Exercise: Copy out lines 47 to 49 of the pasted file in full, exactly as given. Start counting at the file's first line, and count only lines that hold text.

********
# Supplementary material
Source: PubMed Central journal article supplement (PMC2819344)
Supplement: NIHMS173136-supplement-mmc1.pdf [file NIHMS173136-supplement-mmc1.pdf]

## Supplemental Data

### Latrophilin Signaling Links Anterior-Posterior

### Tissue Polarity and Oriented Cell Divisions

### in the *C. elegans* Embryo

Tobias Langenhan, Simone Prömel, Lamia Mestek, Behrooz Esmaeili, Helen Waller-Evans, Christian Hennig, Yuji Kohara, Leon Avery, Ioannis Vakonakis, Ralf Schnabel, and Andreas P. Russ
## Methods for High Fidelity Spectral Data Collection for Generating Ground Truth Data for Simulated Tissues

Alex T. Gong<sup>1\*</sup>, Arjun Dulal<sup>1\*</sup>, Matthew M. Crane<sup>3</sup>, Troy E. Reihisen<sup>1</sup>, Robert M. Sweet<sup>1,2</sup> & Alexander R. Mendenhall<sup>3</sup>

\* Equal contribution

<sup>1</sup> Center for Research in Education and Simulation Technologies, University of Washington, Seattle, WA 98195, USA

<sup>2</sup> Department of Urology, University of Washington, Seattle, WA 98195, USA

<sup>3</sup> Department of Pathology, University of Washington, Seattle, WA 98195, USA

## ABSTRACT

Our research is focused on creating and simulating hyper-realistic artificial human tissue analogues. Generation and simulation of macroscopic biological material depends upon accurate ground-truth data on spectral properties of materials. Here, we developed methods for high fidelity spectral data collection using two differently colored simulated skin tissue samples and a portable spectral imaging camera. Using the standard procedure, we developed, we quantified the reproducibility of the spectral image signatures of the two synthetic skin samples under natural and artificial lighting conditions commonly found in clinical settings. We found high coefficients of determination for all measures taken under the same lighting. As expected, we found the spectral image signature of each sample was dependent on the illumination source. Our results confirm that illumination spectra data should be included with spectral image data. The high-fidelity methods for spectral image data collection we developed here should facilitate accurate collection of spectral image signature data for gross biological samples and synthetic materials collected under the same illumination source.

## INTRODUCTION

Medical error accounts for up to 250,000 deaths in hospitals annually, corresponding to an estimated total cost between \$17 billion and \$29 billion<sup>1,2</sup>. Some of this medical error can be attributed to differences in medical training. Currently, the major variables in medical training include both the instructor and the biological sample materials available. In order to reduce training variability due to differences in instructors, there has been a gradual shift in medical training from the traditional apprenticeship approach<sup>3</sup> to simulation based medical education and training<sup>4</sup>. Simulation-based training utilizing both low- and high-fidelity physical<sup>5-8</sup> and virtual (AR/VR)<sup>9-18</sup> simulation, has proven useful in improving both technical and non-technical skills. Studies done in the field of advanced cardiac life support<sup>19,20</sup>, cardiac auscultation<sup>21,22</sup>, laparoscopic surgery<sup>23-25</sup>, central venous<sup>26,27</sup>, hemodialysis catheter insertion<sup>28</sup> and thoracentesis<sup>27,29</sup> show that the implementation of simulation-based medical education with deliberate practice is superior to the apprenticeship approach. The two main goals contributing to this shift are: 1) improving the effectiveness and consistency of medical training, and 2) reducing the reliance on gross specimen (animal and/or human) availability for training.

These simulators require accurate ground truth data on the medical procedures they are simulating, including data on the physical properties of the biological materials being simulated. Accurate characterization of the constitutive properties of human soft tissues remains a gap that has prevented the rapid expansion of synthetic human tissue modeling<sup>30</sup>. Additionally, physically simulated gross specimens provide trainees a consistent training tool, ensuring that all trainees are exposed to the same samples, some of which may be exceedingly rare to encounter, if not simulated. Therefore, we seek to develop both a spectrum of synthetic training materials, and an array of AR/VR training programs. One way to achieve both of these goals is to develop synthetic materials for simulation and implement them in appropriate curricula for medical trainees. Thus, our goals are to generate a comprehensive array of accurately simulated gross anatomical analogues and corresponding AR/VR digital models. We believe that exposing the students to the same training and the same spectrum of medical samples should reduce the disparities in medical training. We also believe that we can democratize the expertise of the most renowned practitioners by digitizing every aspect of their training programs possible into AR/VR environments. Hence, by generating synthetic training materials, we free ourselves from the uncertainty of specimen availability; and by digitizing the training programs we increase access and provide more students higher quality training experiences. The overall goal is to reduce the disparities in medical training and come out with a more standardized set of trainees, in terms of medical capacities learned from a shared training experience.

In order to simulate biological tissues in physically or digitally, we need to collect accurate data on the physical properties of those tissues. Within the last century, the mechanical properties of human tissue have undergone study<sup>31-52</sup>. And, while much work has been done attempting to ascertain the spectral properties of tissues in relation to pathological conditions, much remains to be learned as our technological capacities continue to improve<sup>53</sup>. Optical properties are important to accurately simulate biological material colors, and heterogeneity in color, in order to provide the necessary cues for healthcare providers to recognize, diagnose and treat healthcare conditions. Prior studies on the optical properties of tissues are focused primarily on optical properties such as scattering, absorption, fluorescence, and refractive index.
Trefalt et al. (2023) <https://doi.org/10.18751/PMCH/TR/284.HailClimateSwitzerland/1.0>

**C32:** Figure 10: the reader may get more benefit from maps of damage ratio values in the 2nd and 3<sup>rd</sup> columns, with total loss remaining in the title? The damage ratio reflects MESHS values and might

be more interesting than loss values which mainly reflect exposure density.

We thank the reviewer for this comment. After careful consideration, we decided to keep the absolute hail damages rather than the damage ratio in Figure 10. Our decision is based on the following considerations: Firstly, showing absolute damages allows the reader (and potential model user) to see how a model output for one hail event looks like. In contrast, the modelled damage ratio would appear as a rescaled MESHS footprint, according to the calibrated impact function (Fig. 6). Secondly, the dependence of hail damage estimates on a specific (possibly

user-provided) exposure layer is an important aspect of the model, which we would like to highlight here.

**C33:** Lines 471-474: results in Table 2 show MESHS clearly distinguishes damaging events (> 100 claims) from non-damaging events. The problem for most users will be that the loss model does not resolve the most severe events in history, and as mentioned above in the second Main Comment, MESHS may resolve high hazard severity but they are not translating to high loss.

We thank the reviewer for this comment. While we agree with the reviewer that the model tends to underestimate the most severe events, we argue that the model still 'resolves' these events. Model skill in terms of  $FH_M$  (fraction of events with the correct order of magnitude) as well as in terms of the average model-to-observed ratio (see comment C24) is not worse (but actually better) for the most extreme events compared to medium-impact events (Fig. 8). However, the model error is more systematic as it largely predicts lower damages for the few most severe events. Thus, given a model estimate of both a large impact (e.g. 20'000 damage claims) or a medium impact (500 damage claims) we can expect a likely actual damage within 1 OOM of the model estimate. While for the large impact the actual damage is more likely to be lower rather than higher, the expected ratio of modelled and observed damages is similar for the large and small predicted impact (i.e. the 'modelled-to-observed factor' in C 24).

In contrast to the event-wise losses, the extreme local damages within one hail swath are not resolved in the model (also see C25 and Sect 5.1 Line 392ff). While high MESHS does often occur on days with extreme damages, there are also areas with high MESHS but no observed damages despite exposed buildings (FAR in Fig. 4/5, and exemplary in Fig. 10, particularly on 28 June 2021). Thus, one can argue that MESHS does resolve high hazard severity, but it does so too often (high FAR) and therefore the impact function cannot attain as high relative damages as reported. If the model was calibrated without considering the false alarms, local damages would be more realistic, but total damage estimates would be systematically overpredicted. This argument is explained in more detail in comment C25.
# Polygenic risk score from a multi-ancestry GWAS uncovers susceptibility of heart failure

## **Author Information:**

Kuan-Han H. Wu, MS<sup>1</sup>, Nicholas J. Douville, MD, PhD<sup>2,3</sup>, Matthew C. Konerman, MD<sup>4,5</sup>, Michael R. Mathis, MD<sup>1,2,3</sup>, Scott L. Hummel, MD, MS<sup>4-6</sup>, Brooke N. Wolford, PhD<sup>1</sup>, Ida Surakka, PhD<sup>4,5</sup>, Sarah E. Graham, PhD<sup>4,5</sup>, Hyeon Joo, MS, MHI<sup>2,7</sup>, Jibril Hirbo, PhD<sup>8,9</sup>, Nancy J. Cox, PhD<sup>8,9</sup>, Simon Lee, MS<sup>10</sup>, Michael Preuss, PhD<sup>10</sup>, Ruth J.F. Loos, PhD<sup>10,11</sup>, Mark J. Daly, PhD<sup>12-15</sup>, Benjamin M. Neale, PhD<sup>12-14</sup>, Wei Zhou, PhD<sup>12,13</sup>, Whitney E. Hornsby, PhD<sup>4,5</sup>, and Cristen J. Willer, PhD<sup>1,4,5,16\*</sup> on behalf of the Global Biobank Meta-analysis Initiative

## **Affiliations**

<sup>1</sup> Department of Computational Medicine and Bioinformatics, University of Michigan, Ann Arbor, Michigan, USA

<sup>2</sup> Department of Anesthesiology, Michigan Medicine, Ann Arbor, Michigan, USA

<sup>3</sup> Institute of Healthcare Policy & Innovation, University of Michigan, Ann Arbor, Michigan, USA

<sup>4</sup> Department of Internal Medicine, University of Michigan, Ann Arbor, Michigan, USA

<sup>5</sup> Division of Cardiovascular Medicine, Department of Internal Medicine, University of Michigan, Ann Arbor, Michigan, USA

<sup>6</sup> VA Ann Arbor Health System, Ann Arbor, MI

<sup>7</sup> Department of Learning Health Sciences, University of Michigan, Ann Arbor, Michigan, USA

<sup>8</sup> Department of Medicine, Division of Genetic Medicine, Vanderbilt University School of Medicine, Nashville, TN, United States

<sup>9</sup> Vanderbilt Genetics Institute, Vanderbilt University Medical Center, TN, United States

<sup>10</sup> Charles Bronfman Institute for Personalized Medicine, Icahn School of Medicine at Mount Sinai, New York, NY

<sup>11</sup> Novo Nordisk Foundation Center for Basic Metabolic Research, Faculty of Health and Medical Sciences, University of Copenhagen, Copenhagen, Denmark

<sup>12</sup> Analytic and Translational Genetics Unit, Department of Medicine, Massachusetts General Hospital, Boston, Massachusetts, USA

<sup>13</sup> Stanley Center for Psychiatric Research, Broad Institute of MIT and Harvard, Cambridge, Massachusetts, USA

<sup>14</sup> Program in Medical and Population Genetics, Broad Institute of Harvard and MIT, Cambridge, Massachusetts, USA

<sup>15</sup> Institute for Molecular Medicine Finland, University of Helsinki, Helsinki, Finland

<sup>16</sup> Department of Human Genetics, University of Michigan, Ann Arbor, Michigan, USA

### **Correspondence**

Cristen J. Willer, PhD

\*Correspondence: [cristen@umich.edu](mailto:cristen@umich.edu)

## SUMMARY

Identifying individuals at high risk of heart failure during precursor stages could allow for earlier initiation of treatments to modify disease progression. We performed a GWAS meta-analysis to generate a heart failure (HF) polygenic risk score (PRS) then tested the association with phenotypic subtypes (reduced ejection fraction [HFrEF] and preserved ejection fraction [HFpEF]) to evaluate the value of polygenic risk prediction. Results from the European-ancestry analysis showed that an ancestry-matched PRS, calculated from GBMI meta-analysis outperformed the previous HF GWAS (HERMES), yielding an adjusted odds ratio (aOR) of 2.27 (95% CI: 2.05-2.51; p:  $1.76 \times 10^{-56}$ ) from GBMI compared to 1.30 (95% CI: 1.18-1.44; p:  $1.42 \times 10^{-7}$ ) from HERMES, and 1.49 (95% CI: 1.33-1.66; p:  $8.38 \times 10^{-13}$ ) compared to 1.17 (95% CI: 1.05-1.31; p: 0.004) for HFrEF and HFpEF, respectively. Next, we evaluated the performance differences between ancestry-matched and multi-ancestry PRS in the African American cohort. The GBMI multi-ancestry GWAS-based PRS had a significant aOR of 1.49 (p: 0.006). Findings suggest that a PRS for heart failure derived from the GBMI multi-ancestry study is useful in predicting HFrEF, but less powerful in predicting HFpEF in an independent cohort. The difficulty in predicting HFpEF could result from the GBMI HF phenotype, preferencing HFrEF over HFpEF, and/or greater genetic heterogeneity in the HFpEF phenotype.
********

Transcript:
<sup>15</sup> Institute for Molecular Medicine Finland, University of Helsinki, Helsinki, Finland

<sup>16</sup> Department of Human Genetics, University of Michigan, Ann Arbor, Michigan, USA

### **Correspondence**